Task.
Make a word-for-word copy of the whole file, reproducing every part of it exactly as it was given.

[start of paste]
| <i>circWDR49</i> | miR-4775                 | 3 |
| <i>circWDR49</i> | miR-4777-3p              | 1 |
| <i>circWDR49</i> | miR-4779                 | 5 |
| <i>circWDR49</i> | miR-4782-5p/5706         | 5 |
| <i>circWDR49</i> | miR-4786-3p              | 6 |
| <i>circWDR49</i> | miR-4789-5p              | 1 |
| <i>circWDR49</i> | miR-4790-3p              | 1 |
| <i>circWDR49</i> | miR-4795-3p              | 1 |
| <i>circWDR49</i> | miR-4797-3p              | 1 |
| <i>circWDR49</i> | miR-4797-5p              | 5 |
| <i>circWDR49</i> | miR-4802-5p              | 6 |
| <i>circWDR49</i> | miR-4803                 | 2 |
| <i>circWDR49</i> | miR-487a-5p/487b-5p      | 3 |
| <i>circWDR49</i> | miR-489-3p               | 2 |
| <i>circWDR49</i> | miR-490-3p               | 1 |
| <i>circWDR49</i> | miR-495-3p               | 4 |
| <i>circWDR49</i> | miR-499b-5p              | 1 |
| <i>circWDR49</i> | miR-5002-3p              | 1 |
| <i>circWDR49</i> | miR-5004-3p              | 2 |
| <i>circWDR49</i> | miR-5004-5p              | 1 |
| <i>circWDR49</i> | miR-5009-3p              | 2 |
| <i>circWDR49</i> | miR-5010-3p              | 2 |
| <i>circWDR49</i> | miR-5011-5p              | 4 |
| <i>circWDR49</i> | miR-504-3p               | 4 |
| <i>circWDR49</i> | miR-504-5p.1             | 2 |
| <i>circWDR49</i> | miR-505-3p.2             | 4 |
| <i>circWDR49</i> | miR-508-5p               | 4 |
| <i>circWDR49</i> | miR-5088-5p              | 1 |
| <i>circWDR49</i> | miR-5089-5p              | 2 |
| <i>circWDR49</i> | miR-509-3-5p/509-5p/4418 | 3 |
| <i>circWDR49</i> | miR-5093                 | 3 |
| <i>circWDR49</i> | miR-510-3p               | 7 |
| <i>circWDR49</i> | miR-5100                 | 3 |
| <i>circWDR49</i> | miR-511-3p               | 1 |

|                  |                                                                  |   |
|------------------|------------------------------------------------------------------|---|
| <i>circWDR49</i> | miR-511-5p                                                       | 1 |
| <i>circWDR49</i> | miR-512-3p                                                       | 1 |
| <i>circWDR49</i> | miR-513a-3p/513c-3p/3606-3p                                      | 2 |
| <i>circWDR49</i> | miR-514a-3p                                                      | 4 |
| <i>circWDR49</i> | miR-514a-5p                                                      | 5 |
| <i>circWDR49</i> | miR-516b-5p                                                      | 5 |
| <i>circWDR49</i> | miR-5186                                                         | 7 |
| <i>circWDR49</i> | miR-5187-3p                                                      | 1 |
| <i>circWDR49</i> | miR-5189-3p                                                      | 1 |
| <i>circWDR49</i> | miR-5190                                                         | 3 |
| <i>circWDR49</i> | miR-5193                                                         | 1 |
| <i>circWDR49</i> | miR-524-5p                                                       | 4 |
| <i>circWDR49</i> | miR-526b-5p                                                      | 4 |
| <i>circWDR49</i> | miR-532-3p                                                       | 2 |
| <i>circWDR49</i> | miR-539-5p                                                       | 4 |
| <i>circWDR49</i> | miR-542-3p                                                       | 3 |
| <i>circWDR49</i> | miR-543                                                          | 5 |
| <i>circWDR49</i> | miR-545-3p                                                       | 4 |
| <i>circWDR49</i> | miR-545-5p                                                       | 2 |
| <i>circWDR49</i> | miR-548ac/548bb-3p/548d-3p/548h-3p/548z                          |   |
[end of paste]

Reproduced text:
| <i>circWDR49</i> | miR-4775                 | 3 |
| <i>circWDR49</i> | miR-4777-3p              | 1 |
| <i>circWDR49</i> | miR-4779                 | 5 |
| <i>circWDR49</i> | miR-4782-5p/5706         | 5 |
| <i>circWDR49</i> | miR-4786-3p              | 6 |
| <i>circWDR49</i> | miR-4789-5p              | 1 |
| <i>circWDR49</i> | miR-4790-3p              | 1 |
| <i>circWDR49</i> | miR-4795-3p              | 1 |
| <i>circWDR49</i> | miR-4797-3p              | 1 |
| <i>circWDR49</i> | miR-4797-5p              | 5 |
| <i>circWDR49</i> | miR-4802-5p              | 6 |
| <i>circWDR49</i> | miR-4803                 | 2 |
| <i>circWDR49</i> | miR-487a-5p/487b-5p      | 3 |
| <i>circWDR49</i> | miR-489-3p               | 2 |
| <i>circWDR49</i> | miR-490-3p               | 1 |
| <i>circWDR49</i> | miR-495-3p               | 4 |
| <i>circWDR49</i> | miR-499b-5p              | 1 |
| <i>circWDR49</i> | miR-5002-3p              | 1 |
| <i>circWDR49</i> | miR-5004-3p              | 2 |
| <i>circWDR49</i> | miR-5004-5p              | 1 |
| <i>circWDR49</i> | miR-5009-3p              | 2 |
| <i>circWDR49</i> | miR-5010-3p              | 2 |
| <i>circWDR49</i> | miR-5011-5p              | 4 |
| <i>circWDR49</i> | miR-504-3p               | 4 |
| <i>circWDR49</i> | miR-504-5p.1             | 2 |
| <i>circWDR49</i> | miR-505-3p.2             | 4 |
| <i>circWDR49</i> | miR-508-5p               | 4 |
| <i>circWDR49</i> | miR-5088-5p              | 1 |
| <i>circWDR49</i> | miR-5089-5p              | 2 |
| <i>circWDR49</i> | miR-509-3-5p/509-5p/4418 | 3 |
| <i>circWDR49</i> | miR-5093                 | 3 |
| <i>circWDR49</i> | miR-510-3p               | 7 |
| <i>circWDR49</i> | miR-5100                 | 3 |
| <i>circWDR49</i> | miR-511-3p               | 1 |

|                  |                                                                  |   |
|------------------|------------------------------------------------------------------|---|
| <i>circWDR49</i> | miR-511-5p                                                       | 1 |
| <i>circWDR49</i> | miR-512-3p                                                       | 1 |
| <i>circWDR49</i> | miR-513a-3p/513c-3p/3606-3p                                      | 2 |
| <i>circWDR49</i> | miR-514a-3p                                                      | 4 |
| <i>circWDR49</i> | miR-514a-5p                                                      | 5 |
| <i>circWDR49</i> | miR-516b-5p                                                      | 5 |
| <i>circWDR49</i> | miR-5186                                                         | 7 |
| <i>circWDR49</i> | miR-5187-3p                                                      | 1 |
| <i>circWDR49</i> | miR-5189-3p                                                      | 1 |
| <i>circWDR49</i> | miR-5190                                                         | 3 |
| <i>circWDR49</i> | miR-5193                                                         | 1 |
| <i>circWDR49</i> | miR-524-5p                                                       | 4 |
| <i>circWDR49</i> | miR-526b-5p                                                      | 4 |
| <i>circWDR49</i> | miR-532-3p                                                       | 2 |
| <i>circWDR49</i> | miR-539-5p                                                       | 4 |
| <i>circWDR49</i> | miR-542-3p                                                       | 3 |
| <i>circWDR49</i> | miR-543                                                          | 5 |
| <i>circWDR49</i> | miR-545-3p                                                       | 4 |
| <i>circWDR49</i> | miR-545-5p                                                       | 2 |
| <i>circWDR49</i> | miR-548ac/548bb-3p/548d-3p/548h-3p/548z                          |   |